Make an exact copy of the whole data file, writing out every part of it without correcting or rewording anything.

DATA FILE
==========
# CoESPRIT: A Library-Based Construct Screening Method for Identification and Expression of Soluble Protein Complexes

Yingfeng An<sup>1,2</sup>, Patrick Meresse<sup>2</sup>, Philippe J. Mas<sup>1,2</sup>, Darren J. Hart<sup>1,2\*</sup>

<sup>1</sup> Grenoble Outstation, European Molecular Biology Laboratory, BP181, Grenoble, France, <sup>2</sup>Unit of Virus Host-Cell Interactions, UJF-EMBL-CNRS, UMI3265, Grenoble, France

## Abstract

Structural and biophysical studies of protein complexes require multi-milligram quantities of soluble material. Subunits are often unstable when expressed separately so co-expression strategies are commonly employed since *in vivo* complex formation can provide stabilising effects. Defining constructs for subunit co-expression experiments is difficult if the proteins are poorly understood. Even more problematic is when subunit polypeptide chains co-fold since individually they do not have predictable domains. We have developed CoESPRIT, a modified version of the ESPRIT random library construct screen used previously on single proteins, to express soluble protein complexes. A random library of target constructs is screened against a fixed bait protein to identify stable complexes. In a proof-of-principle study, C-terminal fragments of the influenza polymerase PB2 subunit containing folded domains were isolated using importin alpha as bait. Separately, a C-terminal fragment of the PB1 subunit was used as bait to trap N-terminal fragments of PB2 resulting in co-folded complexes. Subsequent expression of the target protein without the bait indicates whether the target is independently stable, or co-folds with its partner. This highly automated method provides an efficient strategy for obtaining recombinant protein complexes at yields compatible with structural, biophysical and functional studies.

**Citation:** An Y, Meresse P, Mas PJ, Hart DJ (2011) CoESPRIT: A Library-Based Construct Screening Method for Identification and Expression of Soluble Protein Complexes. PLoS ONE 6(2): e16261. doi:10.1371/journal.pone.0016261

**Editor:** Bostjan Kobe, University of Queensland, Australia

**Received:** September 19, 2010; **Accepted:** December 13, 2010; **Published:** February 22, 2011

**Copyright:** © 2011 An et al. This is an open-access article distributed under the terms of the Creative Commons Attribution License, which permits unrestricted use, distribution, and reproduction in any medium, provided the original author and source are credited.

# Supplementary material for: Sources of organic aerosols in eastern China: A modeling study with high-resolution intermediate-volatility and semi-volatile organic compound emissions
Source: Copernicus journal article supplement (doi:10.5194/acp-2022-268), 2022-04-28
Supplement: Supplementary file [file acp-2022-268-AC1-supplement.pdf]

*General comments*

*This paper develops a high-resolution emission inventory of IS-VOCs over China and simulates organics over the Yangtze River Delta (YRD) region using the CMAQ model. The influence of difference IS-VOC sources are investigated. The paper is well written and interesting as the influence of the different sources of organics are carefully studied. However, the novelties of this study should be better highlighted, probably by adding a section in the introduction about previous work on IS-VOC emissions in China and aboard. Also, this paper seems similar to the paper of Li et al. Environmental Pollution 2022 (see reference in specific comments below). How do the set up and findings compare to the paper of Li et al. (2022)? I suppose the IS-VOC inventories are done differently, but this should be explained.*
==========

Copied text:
# CoESPRIT: A Library-Based Construct Screening Method for Identification and Expression of Soluble Protein Complexes

Yingfeng An<sup>1,2</sup>, Patrick Meresse<sup>2</sup>, Philippe J. Mas<sup>1,2</sup>, Darren J. Hart<sup>1,2\*</sup>

<sup>1</sup> Grenoble Outstation, European Molecular Biology Laboratory, BP181, Grenoble, France, <sup>2</sup>Unit of Virus Host-Cell Interactions, UJF-EMBL-CNRS, UMI3265, Grenoble, France

## Abstract

Structural and biophysical studies of protein complexes require multi-milligram quantities of soluble material. Subunits are often unstable when expressed separately so co-expression strategies are commonly employed since *in vivo* complex formation can provide stabilising effects. Defining constructs for subunit co-expression experiments is difficult if the proteins are poorly understood. Even more problematic is when subunit polypeptide chains co-fold since individually they do not have predictable domains. We have developed CoESPRIT, a modified version of the ESPRIT random library construct screen used previously on single proteins, to express soluble protein complexes. A random library of target constructs is screened against a fixed bait protein to identify stable complexes. In a proof-of-principle study, C-terminal fragments of the influenza polymerase PB2 subunit containing folded domains were isolated using importin alpha as bait. Separately, a C-terminal fragment of the PB1 subunit was used as bait to trap N-terminal fragments of PB2 resulting in co-folded complexes. Subsequent expression of the target protein without the bait indicates whether the target is independently stable, or co-folds with its partner. This highly automated method provides an efficient strategy for obtaining recombinant protein complexes at yields compatible with structural, biophysical and functional studies.

**Citation:** An Y, Meresse P, Mas PJ, Hart DJ (2011) CoESPRIT: A Library-Based Construct Screening Method for Identification and Expression of Soluble Protein Complexes. PLoS ONE 6(2): e16261. doi:10.1371/journal.pone.0016261

**Editor:** Bostjan Kobe, University of Queensland, Australia

**Received:** September 19, 2010; **Accepted:** December 13, 2010; **Published:** February 22, 2011

**Copyright:** © 2011 An et al. This is an open-access article distributed under the terms of the Creative Commons Attribution License, which permits unrestricted use, distribution, and reproduction in any medium, provided the original author and source are credited.

# Supplementary material for: Sources of organic aerosols in eastern China: A modeling study with high-resolution intermediate-volatility and semi-volatile organic compound emissions
Source: Copernicus journal article supplement (doi:10.5194/acp-2022-268), 2022-04-28
Supplement: Supplementary file [file acp-2022-268-AC1-supplement.pdf]

*General comments*

*This paper develops a high-resolution emission inventory of IS-VOCs over China and simulates organics over the Yangtze River Delta (YRD) region using the CMAQ model. The influence of difference IS-VOC sources are investigated. The paper is well written and interesting as the influence of the different sources of organics are carefully studied. However, the novelties of this study should be better highlighted, probably by adding a section in the introduction about previous work on IS-VOC emissions in China and aboard. Also, this paper seems similar to the paper of Li et al. Environmental Pollution 2022 (see reference in specific comments below). How do the set up and findings compare to the paper of Li et al. (2022)? I suppose the IS-VOC inventories are done differently, but this should be explained.*